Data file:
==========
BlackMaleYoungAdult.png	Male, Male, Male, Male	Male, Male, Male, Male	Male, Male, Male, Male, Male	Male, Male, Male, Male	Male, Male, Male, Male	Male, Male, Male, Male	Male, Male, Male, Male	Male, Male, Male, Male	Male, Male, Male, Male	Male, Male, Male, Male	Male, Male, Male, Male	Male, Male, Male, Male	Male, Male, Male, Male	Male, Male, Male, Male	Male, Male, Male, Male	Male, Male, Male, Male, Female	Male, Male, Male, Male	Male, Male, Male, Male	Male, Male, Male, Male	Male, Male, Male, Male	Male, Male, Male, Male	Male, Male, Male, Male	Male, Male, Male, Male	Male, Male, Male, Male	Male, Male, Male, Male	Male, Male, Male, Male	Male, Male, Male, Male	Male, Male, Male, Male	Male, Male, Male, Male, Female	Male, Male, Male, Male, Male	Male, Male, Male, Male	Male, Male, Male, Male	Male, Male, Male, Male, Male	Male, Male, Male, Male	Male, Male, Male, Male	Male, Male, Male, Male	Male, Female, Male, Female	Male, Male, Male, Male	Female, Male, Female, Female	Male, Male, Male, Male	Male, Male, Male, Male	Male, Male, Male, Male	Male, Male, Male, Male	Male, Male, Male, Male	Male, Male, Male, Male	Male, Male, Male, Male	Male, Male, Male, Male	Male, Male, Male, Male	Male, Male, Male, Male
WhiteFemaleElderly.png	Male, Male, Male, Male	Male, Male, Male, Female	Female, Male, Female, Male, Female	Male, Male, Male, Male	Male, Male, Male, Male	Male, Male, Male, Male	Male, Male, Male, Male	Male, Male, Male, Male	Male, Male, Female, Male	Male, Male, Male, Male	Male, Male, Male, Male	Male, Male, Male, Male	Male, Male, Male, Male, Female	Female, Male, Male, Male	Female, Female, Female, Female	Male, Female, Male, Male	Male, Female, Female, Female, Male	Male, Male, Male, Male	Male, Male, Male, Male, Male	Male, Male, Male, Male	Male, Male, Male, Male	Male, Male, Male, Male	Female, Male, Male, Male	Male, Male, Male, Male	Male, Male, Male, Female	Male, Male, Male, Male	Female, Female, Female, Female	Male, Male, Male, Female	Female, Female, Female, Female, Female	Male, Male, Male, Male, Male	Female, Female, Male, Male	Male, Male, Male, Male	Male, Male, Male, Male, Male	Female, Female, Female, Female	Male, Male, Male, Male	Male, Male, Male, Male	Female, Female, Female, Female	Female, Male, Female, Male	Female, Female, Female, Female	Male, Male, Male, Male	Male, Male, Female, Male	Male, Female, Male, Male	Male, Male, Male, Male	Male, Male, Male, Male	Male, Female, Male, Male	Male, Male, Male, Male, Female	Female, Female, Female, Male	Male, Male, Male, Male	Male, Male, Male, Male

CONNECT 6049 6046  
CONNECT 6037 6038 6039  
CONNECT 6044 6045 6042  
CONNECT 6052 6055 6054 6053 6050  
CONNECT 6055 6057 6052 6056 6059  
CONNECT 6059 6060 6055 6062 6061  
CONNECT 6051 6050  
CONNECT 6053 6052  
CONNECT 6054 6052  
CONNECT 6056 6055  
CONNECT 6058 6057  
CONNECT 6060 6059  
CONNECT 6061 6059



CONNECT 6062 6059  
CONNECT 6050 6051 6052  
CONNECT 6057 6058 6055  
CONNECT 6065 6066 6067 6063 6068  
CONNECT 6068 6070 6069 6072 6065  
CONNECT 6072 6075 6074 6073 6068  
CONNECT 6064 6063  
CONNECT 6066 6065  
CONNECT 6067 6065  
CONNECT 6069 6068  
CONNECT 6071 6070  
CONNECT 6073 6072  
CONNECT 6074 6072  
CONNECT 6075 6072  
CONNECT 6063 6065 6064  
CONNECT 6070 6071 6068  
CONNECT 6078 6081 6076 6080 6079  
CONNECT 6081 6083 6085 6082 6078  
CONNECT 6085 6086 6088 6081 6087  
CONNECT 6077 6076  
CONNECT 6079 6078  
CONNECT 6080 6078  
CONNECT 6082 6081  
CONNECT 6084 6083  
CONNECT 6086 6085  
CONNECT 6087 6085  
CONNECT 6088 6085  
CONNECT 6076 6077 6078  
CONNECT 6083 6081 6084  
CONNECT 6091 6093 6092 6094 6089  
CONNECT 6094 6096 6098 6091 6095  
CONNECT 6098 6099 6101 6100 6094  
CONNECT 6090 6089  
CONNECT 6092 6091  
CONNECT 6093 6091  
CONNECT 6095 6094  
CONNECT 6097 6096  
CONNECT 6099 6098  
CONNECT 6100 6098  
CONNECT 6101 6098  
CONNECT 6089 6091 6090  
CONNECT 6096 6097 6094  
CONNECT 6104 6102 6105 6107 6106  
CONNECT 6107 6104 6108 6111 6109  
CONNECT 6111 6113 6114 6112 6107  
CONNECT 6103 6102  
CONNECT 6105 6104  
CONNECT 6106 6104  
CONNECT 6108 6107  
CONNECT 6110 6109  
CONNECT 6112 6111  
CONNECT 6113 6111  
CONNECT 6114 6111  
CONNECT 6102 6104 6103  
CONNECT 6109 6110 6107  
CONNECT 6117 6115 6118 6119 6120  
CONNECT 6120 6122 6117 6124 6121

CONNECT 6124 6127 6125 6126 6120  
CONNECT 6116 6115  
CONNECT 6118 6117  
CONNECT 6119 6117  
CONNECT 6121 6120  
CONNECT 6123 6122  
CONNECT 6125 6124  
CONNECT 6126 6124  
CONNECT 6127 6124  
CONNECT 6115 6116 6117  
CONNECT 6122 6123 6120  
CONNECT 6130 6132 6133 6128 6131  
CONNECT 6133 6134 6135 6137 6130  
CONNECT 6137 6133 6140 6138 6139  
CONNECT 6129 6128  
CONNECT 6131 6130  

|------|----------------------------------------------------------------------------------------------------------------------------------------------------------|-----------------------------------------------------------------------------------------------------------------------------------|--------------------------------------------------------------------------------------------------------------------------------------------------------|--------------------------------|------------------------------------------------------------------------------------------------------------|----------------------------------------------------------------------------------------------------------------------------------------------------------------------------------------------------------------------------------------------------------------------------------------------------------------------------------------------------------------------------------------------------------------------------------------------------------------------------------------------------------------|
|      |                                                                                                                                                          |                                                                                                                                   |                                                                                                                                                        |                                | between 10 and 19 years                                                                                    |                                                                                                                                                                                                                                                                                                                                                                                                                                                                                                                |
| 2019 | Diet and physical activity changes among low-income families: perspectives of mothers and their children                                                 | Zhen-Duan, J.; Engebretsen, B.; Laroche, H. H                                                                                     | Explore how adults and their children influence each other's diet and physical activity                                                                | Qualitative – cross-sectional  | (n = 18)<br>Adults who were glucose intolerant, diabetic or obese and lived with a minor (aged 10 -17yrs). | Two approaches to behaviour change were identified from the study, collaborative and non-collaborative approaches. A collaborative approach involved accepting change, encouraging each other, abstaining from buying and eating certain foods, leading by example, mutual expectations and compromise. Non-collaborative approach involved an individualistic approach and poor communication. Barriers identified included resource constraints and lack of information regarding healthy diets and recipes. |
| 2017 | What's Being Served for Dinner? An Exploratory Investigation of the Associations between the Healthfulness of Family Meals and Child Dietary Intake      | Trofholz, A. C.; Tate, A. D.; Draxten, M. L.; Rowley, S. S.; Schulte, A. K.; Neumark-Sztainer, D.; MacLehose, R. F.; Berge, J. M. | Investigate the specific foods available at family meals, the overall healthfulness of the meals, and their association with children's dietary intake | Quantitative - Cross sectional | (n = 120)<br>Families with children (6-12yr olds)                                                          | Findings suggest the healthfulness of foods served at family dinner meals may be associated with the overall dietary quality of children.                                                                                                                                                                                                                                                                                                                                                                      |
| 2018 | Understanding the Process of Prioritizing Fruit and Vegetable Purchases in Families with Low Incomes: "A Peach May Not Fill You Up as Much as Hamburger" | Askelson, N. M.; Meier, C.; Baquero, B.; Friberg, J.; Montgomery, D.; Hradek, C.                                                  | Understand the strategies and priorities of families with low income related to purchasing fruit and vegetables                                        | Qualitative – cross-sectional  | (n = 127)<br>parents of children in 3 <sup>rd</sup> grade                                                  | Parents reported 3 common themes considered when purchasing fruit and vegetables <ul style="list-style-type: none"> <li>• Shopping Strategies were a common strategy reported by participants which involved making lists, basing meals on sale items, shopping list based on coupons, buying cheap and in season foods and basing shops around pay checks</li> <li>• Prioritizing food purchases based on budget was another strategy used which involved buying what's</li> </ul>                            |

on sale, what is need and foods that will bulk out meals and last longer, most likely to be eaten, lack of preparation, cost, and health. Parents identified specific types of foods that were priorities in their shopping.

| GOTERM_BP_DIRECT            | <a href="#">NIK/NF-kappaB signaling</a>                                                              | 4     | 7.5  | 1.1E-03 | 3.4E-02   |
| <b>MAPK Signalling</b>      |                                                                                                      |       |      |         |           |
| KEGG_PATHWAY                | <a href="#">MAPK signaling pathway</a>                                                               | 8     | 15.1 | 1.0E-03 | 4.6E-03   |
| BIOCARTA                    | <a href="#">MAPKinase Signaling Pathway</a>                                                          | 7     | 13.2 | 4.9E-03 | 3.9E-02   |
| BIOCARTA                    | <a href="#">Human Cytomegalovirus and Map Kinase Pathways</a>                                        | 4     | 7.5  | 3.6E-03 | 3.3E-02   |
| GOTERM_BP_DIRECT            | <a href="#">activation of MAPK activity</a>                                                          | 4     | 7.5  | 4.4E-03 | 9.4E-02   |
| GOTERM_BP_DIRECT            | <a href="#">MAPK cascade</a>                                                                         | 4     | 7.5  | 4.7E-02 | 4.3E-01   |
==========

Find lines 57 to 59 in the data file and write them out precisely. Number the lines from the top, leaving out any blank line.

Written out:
CONNECT 6096 6097 6094  
CONNECT 6104 6102 6105 6107 6106  
CONNECT 6107 6104 6108 6111 6109  